Assuming roughly 3 cycles of quarantine based on hiccups and getting people in (3x14=42) plus additional prep and training for the final group, plus resupplying the ship, puts you at 60ish days.
    So since Canadians can still fly into the U.S. and my Disney Dream cruise is in 63 days, it still has a chance? Just kidding, I know the answer.
     

    icc2515

    Mouseketeer
    Joined
    Sep 11, 2010
    So since you have a better gist of what's doin' in the industry, what chances do you think that our Feb 27 2021 cruise 1. actually happens 2. looks like a "normal" cruise Can/will DCL cruise at a reduced capacity so peeps don't have wear masks, etc?
    While I do not have a knowledge of the cruise industry, I do consider myself pretty well versed in the Walt Disney Company. I don't think that you will see any Disney cruises until there is a widely distributed vaccine. The very last thing that Disney wants is to see a headline of a corona virus riddled ship not being allowed to dock in America and that ship is a Disney ship. Nope, not gonna happen. They did not want to open the parks, but their hand was forced by Universal. Other cruise lines starting up will not force DCL hand, as DCL does not contribute enough to Disneys bottom line and definitely will not with a 50% or less capacity. When you think about Corona virus and ships most people immediately think of Princess. Disney does not want their name in the same sentence.

    The only exception to this is they might run 1 ship back and forth to Castaway on 3 day cruises with a day of deep cleaning in between. I for one think this would be a great time.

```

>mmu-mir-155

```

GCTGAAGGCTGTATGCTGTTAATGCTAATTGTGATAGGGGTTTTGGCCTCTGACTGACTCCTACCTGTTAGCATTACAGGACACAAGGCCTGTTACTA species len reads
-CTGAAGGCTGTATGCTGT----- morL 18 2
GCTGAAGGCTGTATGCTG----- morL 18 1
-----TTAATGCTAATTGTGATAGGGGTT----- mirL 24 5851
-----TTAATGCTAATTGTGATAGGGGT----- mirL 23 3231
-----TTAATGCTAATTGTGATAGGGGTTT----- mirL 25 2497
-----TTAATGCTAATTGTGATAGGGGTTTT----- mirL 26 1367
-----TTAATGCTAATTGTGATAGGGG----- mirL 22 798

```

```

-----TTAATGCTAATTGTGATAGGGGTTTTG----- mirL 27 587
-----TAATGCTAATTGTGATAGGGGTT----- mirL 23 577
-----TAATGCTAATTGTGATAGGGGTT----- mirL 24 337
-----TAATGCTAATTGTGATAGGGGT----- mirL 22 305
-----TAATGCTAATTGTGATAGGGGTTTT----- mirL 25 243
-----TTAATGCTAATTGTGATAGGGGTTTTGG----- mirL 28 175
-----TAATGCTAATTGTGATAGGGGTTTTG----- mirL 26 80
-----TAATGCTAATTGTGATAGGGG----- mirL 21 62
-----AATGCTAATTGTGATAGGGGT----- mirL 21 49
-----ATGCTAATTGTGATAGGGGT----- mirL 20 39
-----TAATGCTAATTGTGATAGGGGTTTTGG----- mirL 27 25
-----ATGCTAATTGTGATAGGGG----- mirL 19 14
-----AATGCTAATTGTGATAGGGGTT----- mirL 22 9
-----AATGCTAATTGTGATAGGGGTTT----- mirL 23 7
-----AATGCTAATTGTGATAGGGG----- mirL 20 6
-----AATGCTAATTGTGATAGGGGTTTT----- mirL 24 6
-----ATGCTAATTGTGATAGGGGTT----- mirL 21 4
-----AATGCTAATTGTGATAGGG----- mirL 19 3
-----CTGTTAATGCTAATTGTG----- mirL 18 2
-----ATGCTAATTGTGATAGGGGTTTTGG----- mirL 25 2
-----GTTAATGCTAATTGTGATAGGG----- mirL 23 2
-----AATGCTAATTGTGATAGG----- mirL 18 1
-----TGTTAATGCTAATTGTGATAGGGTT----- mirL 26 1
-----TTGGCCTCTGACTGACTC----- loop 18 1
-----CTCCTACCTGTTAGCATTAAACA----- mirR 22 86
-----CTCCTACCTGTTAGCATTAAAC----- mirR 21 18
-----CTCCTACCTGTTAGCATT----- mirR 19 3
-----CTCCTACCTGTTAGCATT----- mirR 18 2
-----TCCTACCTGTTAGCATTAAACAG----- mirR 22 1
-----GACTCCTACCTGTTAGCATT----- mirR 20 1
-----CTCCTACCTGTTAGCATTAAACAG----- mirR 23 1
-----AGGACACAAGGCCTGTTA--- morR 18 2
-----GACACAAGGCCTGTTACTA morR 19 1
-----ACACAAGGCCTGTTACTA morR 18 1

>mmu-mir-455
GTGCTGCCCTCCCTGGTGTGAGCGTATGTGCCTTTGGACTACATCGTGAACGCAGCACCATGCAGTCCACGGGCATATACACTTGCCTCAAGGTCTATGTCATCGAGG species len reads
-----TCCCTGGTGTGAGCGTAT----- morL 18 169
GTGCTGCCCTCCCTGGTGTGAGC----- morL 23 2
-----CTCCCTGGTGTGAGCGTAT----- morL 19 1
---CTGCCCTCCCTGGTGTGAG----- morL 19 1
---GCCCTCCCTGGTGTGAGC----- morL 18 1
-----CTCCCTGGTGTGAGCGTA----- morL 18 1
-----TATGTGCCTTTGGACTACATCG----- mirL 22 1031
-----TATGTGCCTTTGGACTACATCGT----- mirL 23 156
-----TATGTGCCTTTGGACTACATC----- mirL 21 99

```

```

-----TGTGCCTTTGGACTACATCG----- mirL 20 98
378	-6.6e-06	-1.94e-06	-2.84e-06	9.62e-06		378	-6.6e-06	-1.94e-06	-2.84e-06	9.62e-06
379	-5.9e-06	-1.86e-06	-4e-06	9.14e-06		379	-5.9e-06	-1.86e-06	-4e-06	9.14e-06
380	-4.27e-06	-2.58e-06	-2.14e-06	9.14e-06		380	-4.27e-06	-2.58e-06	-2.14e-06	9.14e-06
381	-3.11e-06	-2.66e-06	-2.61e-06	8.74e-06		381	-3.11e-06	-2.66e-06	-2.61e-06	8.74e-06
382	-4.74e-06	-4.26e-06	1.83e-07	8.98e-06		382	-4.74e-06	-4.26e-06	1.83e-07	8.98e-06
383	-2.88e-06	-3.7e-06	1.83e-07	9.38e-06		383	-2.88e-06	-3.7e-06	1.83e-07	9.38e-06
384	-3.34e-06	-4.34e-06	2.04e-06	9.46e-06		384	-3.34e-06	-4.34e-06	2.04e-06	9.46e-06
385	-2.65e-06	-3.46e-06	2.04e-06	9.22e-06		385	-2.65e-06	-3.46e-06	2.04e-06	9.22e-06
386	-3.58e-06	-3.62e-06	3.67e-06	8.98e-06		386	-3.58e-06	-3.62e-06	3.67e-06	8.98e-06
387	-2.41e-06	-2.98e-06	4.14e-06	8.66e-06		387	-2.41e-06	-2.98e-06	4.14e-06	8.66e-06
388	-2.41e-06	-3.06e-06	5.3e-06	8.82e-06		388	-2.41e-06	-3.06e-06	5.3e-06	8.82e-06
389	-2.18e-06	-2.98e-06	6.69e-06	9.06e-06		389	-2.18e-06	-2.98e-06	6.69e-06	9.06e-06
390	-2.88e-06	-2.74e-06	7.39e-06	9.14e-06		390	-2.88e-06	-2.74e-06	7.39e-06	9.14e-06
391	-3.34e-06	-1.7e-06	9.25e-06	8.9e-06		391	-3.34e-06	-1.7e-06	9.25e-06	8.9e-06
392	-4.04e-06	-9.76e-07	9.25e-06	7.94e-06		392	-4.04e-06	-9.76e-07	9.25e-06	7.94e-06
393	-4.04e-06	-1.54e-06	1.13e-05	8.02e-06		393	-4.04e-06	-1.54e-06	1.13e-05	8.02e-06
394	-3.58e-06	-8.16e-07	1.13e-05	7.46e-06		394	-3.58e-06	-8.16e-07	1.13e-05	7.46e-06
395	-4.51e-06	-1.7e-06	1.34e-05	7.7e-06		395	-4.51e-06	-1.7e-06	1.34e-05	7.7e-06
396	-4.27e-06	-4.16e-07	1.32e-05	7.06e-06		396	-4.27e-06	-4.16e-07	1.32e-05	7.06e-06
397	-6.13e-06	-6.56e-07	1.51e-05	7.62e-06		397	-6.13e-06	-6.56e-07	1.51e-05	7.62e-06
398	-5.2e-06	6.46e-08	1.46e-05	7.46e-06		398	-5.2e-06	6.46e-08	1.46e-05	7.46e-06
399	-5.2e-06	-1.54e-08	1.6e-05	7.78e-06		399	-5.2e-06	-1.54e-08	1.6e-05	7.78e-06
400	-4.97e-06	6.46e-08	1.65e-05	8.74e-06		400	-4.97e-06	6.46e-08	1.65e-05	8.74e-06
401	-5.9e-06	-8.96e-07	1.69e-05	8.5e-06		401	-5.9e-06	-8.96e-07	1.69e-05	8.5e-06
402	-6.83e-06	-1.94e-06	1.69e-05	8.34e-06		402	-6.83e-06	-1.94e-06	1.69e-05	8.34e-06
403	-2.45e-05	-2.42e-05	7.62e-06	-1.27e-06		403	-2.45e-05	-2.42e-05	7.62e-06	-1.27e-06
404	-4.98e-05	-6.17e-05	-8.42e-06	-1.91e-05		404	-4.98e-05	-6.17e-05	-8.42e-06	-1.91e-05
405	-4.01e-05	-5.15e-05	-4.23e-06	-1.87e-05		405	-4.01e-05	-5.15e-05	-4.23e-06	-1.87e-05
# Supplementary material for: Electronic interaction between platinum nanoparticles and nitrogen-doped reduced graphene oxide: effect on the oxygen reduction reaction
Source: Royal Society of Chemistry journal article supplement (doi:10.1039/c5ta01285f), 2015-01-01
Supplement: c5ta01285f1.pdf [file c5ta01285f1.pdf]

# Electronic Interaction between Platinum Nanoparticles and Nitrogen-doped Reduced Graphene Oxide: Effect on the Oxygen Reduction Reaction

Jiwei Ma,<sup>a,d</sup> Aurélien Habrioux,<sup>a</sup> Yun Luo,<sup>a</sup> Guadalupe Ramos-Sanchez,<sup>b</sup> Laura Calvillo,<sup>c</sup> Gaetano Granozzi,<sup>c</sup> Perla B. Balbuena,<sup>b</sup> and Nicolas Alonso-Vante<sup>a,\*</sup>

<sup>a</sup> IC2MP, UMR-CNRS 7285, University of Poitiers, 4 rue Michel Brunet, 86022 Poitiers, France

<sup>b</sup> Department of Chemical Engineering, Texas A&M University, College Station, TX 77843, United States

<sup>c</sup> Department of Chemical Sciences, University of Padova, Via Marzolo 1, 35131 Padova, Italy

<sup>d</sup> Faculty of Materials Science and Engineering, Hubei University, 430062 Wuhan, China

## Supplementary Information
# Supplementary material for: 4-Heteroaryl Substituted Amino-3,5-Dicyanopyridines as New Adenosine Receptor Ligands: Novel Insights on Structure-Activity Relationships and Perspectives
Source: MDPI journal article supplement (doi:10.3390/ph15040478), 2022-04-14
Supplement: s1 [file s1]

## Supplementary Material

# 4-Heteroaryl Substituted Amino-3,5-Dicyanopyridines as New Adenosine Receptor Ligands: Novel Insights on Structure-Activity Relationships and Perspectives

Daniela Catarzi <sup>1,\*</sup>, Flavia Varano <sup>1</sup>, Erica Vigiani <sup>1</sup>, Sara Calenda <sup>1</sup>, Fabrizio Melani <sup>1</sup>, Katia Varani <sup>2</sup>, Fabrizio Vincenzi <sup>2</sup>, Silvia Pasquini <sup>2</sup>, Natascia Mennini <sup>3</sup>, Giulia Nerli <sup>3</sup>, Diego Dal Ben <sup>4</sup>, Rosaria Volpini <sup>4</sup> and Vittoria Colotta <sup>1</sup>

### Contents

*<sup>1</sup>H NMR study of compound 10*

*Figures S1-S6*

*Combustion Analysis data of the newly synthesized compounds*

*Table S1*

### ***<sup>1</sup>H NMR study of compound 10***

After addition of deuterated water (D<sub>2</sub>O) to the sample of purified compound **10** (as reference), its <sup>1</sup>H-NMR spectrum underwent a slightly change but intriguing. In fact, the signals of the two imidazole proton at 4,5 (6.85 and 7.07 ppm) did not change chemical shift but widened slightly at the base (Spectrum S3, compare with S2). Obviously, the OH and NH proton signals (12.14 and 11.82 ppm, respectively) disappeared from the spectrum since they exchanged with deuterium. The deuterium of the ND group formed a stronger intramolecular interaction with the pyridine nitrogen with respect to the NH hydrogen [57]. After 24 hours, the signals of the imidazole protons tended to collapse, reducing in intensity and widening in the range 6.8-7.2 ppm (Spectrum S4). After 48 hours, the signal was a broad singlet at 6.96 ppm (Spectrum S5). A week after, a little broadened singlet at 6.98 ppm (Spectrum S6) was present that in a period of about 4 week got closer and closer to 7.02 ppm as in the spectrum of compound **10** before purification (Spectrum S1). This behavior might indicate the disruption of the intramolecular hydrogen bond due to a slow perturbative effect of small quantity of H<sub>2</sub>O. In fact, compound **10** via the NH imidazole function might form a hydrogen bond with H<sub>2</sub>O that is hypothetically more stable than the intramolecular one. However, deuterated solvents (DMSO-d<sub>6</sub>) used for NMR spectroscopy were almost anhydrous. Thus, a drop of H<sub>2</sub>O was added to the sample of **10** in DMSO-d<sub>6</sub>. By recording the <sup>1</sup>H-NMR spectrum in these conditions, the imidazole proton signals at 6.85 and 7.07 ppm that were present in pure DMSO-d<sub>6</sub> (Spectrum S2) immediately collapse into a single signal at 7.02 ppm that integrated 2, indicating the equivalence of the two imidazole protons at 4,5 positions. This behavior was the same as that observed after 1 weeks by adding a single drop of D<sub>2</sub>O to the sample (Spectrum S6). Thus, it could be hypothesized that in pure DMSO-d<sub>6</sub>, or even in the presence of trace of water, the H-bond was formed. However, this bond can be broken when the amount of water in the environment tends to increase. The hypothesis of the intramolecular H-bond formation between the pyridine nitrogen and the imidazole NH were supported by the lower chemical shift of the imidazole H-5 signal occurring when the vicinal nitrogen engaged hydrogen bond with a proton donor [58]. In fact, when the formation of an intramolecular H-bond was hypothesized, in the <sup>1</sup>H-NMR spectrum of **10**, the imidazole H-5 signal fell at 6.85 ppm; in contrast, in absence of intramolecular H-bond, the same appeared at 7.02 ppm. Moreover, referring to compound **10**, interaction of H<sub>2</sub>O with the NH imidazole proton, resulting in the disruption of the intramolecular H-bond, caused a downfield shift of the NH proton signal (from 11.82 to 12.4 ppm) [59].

OKW Lover

    Retired and living 2 miles from The Castle.
    DIS Lifetime Sponsor
    Joined
    Apr 29, 2004
    I think that there are a lot of crew members that are itching to get back. Most come from poorer nations and the ships provide them with a means to provide for their family. Disney (or any cruise line) wouldn't have to train somebody brand new. They can re-hire those that have worked for them before. Some remedial training in new health procedures could be done in a couple of weeks.
     

    bbel

    DIS Veteran
    Joined
    Apr 23, 2014
    Next time you are out to eat, go back in the kitchen and you will meet an American dish/pot washer or go down to any dock and you will meet an American deck hand. They're not going to come to your table and introduce themselves to you. Just because you've never met one doesn't mean there are not millions of them servicing the ships and restaurants in our country. DCL could also use private security companies to take over for the Nepalese. We're just staffing half of one ship, wouldn't take much.
    I wont, because I'm not American and dont live in the US...
    And I'm not completely stupid I know they exist, duh! But as we're talking about cruise ships so saying you'll meet Americans in America is completely irrelevant. They dont exist in the cruise industry (I've worked multiple contracts, on many different classes of ship and two different companies).
    Americans and Canadians (Brits and Australians too) wont do that job onboard a cruise ship for the pay and living conditions they get in return. They fact you very very rarely meet American/Canadian servers (on board a cruise ship, I know they exist in other parts of life), kinda proves that you wont find them in a messier job working longer hours on less pay and with even less privileges (onboard a cruise ship).
    Now, if they raise the pay, put money into improving living conditions, let them work less hours and let them roam the ship in their free time, maybe they'll be interested....